Despite the fights that break out in the comments to my diaries, I'm very moderate on the issue of a final status agreement (or, to use another word, peace) between Israel and the Palestinians. This is to say that I agree that the occupation must end, that Israel should not annex parts of Palestinian territory, that the Palestinians have every right to a viable sovereign state, and that both Israel and the Palestinians will have to make large concessions in their initial demands of one another.
But the journalists writing on the topic do their best to drown out moderate voices, choosing instead to embrace ridiculous positions, whether from the right or the left.
To wit: Today I read two articles, one by neoconservative David Frum, and the other by Abderrahim Sabir, published on the Web site of the London Guardian. I couldn't decide who made the worse points.
First Frum's piece. His lead reads thus:
A Netanyahu-Barak government: Now that sends a message to the world, and to Washington above all. It says: Don’t imagine you can push Israel into dangerous concessions by driving a wedge between Israel’s right and left.
Yeah, the Labor Party stopped being properly defined as part of the "left" at least a decade ago — probably more.
For a brief, dizzy moment, it seemed the deal would happen: the Palestinians would get their state, Arafat his tomb in Jerusalem, Bill Clinton his Nobel Peace Prize and Israel...well, it was never certain what Israel would get. Peace? No, not very likely. But maybe a respite before the next round of demands.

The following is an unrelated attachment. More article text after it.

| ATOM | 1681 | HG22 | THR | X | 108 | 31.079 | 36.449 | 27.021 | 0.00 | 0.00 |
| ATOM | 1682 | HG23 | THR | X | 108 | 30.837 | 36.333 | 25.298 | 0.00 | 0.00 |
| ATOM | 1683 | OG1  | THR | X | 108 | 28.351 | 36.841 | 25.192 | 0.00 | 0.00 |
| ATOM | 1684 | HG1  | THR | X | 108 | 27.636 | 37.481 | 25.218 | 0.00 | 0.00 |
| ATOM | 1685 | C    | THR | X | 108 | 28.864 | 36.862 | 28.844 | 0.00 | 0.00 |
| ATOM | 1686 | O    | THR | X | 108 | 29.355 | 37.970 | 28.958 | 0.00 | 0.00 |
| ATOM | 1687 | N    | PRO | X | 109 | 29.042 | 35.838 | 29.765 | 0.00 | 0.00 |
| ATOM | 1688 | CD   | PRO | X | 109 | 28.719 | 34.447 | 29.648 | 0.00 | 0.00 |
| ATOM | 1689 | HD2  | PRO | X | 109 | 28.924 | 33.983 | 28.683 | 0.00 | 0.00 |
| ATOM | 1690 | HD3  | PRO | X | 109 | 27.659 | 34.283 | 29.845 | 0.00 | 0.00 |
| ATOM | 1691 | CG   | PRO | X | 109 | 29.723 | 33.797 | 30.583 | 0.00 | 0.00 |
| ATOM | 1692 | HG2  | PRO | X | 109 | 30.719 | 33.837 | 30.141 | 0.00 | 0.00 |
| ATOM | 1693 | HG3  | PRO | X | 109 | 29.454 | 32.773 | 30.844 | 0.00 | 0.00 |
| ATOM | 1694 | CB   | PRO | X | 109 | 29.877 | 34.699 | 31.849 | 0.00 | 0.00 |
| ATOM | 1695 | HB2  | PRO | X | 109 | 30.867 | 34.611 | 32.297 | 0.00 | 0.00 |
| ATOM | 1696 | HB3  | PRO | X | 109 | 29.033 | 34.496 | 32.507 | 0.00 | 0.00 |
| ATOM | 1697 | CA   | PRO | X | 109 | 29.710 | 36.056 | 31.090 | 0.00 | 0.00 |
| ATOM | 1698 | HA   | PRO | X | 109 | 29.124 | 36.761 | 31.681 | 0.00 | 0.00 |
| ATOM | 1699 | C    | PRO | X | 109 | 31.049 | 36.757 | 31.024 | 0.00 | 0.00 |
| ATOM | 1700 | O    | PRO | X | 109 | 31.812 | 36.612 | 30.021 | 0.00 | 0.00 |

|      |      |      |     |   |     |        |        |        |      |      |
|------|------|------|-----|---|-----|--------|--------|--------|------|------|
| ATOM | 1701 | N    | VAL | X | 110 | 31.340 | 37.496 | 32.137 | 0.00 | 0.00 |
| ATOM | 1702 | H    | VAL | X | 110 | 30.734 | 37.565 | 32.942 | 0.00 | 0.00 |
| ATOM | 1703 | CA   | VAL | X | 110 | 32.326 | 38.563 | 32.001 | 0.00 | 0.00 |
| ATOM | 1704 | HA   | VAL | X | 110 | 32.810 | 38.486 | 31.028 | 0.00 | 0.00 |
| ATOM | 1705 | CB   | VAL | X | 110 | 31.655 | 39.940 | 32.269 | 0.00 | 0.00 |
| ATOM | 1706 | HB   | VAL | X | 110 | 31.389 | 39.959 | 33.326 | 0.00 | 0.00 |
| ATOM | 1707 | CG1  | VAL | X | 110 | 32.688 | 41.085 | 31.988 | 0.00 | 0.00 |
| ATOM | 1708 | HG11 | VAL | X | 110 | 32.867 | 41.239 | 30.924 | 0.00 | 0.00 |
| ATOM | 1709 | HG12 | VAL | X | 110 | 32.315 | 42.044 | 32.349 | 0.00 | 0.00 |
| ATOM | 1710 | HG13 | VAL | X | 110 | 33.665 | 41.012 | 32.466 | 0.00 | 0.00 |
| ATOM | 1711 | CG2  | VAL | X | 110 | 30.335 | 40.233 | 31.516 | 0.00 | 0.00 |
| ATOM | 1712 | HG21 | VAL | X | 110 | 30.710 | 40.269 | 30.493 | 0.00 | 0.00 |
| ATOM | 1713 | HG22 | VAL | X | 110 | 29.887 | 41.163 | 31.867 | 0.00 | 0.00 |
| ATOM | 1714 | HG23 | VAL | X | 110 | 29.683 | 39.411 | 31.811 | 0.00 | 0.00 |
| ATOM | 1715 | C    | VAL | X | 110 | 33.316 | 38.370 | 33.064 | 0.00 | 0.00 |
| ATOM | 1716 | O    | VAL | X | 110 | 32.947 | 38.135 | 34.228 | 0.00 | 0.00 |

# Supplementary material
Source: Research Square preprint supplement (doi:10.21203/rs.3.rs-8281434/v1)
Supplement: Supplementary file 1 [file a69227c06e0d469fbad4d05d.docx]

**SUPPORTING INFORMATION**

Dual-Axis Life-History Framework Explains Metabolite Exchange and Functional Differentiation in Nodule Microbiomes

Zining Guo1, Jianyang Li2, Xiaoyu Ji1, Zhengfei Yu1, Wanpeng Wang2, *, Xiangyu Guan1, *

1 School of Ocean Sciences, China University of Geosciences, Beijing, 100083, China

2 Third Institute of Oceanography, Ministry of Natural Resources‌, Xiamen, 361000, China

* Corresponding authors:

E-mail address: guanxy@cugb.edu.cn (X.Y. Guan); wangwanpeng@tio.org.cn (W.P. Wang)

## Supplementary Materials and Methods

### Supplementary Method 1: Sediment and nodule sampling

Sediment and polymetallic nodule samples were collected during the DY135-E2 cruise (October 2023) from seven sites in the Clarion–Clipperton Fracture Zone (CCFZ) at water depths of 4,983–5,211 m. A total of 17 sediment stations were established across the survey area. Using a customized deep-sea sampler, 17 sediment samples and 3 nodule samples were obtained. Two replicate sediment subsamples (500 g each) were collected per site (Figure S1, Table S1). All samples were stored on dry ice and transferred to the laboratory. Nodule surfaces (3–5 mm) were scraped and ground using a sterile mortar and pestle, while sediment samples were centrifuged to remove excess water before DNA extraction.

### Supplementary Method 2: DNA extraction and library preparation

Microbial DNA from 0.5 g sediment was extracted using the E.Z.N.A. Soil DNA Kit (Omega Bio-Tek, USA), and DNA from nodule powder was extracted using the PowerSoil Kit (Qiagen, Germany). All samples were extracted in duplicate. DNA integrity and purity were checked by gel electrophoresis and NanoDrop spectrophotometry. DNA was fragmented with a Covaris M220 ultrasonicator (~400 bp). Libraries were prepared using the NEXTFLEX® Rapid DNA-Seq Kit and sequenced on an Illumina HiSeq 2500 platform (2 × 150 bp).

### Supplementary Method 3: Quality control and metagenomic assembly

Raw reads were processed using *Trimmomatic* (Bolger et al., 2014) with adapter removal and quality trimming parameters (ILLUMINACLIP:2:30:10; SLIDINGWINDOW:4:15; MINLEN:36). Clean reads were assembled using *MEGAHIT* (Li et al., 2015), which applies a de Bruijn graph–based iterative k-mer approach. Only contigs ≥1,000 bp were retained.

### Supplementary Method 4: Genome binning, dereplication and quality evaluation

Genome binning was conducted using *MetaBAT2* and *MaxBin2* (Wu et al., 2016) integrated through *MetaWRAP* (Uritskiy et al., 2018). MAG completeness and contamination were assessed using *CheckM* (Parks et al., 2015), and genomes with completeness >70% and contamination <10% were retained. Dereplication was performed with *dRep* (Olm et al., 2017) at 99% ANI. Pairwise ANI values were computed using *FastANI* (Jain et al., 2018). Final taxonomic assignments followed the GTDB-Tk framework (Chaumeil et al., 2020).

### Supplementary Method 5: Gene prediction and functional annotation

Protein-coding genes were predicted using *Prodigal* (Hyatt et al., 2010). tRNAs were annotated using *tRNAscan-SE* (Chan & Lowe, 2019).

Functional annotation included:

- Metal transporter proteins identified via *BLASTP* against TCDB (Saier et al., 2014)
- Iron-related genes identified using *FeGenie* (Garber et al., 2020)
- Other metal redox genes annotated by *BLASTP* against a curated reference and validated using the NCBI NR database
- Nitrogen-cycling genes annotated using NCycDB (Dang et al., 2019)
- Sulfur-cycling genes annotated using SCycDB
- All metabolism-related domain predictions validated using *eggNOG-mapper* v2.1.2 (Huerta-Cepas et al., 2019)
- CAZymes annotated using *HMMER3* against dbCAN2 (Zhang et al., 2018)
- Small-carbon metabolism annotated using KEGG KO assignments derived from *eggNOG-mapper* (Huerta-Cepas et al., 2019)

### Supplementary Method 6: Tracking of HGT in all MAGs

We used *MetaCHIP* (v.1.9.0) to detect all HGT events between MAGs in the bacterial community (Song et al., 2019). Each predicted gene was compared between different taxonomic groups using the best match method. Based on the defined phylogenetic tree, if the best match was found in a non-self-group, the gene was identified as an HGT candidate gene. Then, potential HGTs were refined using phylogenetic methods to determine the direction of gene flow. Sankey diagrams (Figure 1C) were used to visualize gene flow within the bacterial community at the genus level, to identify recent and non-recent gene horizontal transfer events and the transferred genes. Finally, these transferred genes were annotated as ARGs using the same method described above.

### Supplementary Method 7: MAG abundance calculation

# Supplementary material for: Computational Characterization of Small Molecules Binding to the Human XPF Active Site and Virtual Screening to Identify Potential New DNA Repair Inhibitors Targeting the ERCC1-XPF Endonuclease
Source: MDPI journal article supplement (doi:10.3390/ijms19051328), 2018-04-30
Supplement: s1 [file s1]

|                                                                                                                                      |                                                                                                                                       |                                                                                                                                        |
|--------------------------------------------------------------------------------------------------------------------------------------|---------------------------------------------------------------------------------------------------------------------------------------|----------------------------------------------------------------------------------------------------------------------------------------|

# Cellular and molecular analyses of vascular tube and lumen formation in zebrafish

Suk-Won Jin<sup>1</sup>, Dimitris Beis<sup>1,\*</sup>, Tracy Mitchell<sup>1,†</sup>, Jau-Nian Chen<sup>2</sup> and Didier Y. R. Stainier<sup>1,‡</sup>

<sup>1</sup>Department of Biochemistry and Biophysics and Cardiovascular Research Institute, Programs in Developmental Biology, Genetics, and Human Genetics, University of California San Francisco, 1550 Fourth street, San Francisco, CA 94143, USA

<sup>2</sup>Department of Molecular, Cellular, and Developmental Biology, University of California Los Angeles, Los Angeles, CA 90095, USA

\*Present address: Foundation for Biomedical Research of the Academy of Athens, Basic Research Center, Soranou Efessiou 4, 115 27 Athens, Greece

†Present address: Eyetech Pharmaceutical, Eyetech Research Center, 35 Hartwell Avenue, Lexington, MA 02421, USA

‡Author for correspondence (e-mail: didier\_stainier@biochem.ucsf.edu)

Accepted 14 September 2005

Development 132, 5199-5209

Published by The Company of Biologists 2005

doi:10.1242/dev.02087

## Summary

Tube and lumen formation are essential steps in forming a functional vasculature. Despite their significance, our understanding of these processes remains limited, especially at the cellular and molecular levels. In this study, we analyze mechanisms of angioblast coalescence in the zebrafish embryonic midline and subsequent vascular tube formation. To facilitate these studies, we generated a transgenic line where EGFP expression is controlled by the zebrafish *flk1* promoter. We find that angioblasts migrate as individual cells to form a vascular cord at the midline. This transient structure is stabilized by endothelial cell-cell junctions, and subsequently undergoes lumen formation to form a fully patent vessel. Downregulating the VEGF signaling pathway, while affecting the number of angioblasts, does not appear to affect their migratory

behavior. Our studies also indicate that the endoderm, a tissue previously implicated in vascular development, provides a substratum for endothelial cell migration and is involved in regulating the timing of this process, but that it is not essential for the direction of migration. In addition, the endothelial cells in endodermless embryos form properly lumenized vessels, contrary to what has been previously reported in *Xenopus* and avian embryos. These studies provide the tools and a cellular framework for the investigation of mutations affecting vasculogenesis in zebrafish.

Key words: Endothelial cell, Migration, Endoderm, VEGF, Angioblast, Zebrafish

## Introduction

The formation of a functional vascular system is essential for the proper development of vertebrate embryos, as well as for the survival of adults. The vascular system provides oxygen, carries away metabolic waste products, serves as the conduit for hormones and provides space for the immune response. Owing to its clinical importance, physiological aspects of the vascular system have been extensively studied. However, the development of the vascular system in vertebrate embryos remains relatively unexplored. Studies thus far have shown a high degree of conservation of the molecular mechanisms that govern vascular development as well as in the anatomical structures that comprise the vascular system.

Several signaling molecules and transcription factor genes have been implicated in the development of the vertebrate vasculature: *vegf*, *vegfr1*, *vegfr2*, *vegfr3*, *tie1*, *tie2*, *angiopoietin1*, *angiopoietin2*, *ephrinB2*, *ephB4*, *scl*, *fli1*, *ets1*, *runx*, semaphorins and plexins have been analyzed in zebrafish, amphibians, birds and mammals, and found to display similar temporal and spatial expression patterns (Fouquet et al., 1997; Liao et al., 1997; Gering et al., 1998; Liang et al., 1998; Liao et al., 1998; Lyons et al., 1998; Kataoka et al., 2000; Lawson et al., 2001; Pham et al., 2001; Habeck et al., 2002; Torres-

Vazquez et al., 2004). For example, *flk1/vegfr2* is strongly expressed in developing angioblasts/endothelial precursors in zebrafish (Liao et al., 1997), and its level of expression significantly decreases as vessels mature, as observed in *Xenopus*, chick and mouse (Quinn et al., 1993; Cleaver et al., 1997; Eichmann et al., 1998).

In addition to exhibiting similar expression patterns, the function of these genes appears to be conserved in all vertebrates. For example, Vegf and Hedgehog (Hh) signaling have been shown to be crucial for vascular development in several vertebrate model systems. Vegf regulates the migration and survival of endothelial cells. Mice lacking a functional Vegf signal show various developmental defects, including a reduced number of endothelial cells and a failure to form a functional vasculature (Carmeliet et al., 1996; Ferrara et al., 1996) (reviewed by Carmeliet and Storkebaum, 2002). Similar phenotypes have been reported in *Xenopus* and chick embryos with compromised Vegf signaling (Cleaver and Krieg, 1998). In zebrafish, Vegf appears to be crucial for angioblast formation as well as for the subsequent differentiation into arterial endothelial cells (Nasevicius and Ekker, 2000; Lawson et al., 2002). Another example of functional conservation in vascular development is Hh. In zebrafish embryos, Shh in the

While I blame Arafat for the failure of Oslo by turning down a perfectly good offer at Taba, I don't think it's fair to say, if Arafat had inked the deal, that Israel would have gotten nothing. Everything in the Arab world indicates that Israel would have benefitted enormously. Not only would their military budget have dropped like a stone, but they would have gotten a huge peace dividend through normalization of relations (particularly economic relations) with its neighbors.
A small cottage industry has emerged in the West to argue that the Palestinians did not really walk away in 2000. Or that if they did walk away, they were entitled to walk away. Or even if they were not entitled, they should nonetheless get yet another chance.
I was with Frum until the last sentence here. Given that the Palestinian Authority has been under new leadership since Arafat's death, then, yes, they should get another chance. In fact, they should get as many chances as they want, because the alternative is perpetual war.
For the ambitious peacemakers in the Obama administration, the problem is not Netanyahu, but the fact that Israelis have lost faith in peace processes that have brought them not peace but war, rockets not normality.
Of course, Frum cites no polls. I read one today that said 75% of Israelis still support a two-state solution. Figures are similar among Palestinians.